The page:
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Taylor v. City of Michigan City

United States District Court, N.D. Indiana, South Bend Division

December 11, 2018

LARRY TAYLOR, Plaintiff,
THE CITY OF MICHIGAN CITY, et al., Defendants.



         Police officers arrested Plaintiff Larry Taylor in May 2016 after misidentifying him as a drug dealer whom they had been investigating. Taylor spent over two weeks in jail until the officers realized their mistake. He then filed this action in state court against The City of Michigan City, the Michigan City Police Department, Sergeant Ken Drake, and Detective Michael Oberle, alleging various claims arising from this incident. Defendants removed the case to this Court, and have filed for summary judgment. [DE 26] For the reasons stated herein, the motion will be granted in part and denied in part.


         On summary judgment, the moving party bears the burden of demonstrating that there “is no genuine dispute as to any material fact and the movant is entitled to judgment as a matter of law.” Fed.R.Civ.P. 56(a). A “material” fact is one identified by the substantive law as affecting the outcome of the suit. Anderson v. Liberty Lobby, Inc., 477 U.S. 242, 248 (1986). A “genuine issue” exists with respect to any material fact when “the evidence is such that a reasonable jury could return a verdict for the nonmoving party.” Id. Where a factual record taken as a whole could not lead a rational trier of fact to find for the non-moving party, there is no genuine issue for trial, and summary judgment should be granted. Matsushita Elec. Indus. Co. v. Zenith Radio Corp., 475 U.S. 574, 587 (1986) (citing Bank of Ariz. v. Cities Servs. Co., 391 U.S. 253, 289 (1968)). In determining whether a genuine issue of material fact exists, this Court must construe all facts in the light most favorable to the non-moving party and draw all reasonable and justifiable inferences in that party's favor. Jackson v. Kotter, 541 F.3d 688, 697 (7th Cir. 2008); King v. Preferred Tech. Grp., 166 F.3d 887, 890 (7th Cir. 1999).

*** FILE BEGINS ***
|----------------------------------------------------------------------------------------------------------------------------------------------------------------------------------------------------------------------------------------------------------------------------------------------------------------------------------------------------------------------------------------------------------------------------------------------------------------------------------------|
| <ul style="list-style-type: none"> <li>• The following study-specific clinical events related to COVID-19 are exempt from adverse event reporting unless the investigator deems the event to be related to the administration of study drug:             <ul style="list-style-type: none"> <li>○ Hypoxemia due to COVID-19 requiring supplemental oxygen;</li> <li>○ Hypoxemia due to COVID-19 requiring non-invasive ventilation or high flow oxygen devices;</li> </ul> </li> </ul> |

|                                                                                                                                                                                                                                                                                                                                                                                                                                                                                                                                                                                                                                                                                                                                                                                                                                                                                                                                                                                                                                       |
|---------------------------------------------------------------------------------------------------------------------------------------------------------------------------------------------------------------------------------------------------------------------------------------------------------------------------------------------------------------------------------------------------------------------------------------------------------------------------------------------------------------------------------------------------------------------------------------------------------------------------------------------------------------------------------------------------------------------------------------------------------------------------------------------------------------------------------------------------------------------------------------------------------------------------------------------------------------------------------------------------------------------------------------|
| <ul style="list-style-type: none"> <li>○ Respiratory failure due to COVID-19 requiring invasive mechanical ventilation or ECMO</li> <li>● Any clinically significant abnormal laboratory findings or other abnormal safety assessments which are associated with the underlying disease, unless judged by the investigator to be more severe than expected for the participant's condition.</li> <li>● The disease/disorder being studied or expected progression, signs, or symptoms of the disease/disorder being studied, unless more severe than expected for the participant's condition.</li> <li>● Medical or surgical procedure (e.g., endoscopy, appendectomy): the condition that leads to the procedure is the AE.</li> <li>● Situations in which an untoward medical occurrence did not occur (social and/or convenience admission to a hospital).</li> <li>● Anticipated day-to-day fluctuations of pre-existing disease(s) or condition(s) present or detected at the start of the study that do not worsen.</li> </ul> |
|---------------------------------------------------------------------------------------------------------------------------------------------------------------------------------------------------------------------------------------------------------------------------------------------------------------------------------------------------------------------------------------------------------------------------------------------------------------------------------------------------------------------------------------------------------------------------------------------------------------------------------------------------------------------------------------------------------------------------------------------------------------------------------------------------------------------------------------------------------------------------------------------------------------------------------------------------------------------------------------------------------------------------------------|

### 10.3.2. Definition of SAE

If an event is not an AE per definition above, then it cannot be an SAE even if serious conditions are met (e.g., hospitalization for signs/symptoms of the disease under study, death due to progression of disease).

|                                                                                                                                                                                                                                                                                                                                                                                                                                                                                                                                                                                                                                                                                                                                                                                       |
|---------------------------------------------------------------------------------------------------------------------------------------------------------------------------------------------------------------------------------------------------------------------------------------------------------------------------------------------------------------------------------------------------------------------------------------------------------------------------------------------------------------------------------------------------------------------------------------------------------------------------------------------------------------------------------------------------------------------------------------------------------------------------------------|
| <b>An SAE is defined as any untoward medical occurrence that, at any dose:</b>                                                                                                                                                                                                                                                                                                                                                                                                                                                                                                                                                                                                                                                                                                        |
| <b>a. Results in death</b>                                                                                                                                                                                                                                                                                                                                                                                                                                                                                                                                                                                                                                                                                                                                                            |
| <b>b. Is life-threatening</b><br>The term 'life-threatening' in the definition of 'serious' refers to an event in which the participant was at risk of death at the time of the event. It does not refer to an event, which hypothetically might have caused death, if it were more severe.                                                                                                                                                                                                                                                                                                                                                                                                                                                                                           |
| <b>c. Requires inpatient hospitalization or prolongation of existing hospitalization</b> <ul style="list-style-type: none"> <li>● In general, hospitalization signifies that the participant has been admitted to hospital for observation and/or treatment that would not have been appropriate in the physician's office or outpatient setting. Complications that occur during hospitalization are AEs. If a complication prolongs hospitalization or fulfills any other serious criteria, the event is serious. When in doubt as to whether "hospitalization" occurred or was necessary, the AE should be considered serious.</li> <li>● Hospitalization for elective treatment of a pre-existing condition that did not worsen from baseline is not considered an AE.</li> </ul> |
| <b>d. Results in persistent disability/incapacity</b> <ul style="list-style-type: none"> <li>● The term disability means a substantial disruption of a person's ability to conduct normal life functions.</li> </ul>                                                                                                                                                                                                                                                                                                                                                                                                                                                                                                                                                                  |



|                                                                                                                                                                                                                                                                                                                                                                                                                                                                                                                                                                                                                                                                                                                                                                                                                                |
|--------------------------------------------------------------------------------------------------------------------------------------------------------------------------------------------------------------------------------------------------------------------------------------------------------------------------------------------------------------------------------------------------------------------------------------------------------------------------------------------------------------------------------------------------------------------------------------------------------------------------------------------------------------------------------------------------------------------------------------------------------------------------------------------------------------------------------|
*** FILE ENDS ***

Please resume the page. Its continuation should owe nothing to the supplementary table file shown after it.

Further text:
On March 28, 2016, police officers staged a drug buy using a confidential informant as the buyer. The informant met an unknown suspect at a gas station and purchased cocaine from him. The officers videotaped the buy and showed a short portion of the buy and a still shot of the suspect's face to their commanding officer, Drake. Drake identified the suspect as Taylor, having previously encountered Taylor while working as a police officer. Oberle, the lead investigator on the case, then performed a criminal history check and an inquiry with the Bureau of Motor Vehicles (“BMV”) to confirm Drake's identification. Oberle included these steps in his incident report, as well as the confidential informant's description of the suspect.

         Several weeks later, on or about May 9, 2016, a probable cause affidavit for Taylor's arrest was filed in open court, and officers arrested him as part of a larger operation within a few days.[1] Taylor then remained in custody at the LaPorte County (Indiana) Jail for approximately eighteen days. During Taylor's detention, Drake and Oberle received information that led them to discover that they had misidentified Taylor as the suspect, and the prosecutor dismissed the state's case against Taylor on May 31, 2016, citing mistaken identity.